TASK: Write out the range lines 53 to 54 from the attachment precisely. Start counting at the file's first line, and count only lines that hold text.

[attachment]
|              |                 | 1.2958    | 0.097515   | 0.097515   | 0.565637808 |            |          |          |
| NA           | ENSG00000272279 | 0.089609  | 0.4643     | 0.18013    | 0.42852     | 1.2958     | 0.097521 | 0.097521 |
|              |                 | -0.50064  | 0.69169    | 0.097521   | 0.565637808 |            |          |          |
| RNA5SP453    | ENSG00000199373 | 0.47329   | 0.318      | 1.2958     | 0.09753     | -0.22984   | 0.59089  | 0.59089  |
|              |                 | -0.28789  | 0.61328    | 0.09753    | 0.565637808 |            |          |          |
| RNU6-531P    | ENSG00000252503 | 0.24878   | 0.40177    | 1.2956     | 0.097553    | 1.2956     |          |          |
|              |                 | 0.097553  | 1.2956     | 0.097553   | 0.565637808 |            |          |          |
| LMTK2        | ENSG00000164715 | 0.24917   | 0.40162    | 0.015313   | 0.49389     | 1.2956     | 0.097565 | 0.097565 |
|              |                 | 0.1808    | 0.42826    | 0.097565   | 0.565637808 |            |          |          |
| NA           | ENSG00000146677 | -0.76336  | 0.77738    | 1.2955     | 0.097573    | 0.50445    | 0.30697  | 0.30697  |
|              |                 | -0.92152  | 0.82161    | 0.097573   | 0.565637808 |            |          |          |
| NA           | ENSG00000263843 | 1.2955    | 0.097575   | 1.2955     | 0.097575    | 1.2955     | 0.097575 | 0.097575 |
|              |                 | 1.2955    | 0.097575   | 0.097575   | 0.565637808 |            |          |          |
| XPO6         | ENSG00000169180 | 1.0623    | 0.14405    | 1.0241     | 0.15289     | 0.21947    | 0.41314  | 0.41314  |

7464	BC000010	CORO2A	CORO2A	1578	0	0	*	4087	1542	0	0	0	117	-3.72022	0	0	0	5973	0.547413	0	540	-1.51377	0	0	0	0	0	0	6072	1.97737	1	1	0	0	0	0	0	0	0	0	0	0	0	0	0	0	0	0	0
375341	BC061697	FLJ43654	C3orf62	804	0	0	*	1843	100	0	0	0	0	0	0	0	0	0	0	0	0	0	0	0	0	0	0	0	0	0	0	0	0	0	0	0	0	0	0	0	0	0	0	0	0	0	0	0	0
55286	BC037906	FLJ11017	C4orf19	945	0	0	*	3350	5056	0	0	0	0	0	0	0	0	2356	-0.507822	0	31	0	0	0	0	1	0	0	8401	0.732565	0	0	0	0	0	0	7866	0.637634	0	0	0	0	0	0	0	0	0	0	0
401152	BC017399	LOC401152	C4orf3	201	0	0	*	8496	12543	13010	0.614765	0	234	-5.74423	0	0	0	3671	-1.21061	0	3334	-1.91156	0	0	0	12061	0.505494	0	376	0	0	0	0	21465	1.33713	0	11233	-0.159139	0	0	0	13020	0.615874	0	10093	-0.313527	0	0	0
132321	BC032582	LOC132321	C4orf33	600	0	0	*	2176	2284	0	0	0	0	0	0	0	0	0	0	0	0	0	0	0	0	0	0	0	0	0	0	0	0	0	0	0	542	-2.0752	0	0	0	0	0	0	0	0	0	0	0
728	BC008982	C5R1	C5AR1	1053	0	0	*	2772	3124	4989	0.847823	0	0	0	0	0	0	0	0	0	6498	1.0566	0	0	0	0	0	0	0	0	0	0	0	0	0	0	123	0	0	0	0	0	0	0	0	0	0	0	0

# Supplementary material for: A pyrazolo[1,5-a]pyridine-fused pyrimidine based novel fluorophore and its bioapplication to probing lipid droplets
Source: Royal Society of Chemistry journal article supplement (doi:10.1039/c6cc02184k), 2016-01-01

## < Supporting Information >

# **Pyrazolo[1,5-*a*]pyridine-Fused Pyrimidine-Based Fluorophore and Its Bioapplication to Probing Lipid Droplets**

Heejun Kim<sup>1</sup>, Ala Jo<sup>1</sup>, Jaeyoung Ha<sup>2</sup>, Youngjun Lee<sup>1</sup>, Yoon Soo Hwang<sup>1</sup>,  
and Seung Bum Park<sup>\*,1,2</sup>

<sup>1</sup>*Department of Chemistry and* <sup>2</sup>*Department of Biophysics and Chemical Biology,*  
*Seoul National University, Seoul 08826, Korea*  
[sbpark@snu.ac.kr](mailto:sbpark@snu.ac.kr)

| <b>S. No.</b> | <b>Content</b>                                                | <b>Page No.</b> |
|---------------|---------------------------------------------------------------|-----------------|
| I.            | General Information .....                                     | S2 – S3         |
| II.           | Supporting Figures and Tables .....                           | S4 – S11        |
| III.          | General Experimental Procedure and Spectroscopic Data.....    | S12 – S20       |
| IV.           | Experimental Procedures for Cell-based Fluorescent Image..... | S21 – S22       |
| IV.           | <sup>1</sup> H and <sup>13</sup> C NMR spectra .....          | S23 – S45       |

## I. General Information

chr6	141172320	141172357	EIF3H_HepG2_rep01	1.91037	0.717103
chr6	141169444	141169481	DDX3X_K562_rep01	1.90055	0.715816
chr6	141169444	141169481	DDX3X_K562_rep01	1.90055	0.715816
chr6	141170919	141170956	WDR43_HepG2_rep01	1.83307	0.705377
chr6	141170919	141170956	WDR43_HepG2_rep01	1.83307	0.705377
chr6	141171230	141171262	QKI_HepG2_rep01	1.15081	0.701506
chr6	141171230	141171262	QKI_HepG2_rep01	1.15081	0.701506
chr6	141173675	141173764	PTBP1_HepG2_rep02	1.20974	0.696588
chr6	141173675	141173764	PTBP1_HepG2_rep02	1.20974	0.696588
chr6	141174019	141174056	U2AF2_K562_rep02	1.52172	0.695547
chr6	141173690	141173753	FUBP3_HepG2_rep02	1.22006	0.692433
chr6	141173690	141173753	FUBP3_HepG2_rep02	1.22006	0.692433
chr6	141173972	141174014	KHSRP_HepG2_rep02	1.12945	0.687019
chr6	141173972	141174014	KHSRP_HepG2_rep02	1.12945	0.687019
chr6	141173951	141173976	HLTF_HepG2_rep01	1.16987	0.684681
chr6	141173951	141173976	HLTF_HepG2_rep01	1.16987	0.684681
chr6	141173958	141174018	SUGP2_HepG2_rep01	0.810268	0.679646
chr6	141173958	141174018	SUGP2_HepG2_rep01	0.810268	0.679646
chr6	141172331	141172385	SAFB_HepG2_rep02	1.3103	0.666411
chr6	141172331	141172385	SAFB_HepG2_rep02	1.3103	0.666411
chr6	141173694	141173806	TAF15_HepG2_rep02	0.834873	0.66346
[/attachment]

chr6	141173951	141173976	HLTF_HepG2_rep01	1.16987	0.684681
chr6	141173958	141174018	SUGP2_HepG2_rep01	0.810268	0.679646